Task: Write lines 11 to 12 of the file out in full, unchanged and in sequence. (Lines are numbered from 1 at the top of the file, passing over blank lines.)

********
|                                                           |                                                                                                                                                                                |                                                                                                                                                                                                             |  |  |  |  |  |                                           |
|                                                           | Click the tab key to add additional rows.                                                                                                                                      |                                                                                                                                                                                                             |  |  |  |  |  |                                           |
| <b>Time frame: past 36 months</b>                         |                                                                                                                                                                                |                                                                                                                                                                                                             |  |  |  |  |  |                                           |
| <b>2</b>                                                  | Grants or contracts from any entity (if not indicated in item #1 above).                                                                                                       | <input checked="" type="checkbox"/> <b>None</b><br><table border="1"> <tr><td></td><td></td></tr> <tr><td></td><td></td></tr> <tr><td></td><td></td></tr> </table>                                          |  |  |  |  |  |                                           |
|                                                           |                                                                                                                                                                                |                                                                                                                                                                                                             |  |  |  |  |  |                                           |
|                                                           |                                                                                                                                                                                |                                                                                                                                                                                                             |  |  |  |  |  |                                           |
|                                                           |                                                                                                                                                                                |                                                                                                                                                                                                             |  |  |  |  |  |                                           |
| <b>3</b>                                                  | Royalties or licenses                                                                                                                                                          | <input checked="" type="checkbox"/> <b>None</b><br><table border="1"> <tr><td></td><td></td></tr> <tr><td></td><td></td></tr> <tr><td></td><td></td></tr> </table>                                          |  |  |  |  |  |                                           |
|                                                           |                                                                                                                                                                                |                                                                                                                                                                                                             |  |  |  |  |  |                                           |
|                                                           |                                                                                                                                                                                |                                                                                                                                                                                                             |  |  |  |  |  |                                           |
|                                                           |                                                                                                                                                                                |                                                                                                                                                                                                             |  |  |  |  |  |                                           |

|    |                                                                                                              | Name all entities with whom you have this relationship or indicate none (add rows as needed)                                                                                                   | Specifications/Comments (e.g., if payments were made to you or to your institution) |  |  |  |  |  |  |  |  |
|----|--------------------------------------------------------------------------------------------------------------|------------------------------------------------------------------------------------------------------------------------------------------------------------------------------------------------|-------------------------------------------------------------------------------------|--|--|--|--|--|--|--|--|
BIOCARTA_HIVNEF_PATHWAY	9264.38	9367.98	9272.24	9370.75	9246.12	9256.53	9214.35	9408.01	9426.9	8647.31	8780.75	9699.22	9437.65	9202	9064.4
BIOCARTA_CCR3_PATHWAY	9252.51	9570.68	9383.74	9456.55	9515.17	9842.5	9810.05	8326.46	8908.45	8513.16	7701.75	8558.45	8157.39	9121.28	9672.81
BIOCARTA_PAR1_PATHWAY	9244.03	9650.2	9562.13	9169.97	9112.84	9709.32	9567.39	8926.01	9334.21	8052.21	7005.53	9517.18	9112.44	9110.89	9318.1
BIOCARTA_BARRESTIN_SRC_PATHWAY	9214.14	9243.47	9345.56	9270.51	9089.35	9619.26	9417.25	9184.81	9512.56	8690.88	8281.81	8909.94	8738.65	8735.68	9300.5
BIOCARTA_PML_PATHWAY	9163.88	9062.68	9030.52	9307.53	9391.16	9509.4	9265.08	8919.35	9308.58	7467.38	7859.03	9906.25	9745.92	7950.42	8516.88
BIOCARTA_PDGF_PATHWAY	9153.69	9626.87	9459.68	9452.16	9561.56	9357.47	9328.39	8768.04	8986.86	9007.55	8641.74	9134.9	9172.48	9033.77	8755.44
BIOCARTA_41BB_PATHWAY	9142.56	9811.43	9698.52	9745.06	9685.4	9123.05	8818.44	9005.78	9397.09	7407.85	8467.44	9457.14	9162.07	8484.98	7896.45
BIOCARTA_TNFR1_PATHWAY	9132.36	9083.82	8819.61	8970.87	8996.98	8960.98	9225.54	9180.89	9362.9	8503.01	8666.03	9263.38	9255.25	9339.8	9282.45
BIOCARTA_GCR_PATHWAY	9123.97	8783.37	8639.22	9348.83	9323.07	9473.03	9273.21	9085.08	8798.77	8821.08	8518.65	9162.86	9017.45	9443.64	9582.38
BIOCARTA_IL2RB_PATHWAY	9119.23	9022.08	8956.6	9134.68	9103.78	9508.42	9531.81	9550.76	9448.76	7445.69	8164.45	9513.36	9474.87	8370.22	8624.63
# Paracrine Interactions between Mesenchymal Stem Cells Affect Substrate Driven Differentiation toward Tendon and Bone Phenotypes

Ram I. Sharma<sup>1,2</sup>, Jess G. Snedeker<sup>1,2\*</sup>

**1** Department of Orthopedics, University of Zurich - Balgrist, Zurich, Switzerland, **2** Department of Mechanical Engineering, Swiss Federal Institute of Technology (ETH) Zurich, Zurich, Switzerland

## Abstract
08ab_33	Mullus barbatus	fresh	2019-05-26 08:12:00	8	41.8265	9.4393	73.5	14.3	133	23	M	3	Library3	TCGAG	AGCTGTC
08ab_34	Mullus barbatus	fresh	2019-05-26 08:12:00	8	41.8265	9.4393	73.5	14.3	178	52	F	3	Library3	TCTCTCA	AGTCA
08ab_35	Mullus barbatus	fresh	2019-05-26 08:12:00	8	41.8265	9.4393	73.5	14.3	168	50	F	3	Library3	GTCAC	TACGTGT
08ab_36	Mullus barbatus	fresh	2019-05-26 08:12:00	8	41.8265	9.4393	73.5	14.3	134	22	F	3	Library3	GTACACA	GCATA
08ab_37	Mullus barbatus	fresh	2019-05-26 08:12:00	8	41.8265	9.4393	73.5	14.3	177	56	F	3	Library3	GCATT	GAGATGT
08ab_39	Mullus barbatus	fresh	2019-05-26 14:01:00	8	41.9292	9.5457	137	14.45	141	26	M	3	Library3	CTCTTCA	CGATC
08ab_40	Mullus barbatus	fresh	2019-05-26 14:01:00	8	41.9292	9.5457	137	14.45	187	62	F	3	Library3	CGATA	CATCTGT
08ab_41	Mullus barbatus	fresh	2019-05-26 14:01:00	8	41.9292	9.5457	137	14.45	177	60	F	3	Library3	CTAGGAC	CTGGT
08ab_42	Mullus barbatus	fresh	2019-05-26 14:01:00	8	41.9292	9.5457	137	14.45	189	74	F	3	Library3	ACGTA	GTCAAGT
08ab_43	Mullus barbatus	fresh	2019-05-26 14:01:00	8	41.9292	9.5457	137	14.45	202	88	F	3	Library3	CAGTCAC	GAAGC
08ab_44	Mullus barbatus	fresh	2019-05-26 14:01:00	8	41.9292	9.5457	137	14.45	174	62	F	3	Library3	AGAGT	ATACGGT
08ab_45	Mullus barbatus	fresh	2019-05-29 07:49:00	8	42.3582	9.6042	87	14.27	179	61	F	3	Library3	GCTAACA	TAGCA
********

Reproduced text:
|                                                           |                                                                                                                                                                                |                                                                                                                                                                                                             |  |  |  |  |  |                                           |

|    |                                                                                                              | Name all entities with whom you have this relationship or indicate none (add rows as needed)                                                                                                   | Specifications/Comments (e.g., if payments were made to you or to your institution) |  |  |  |  |  |  |  |  |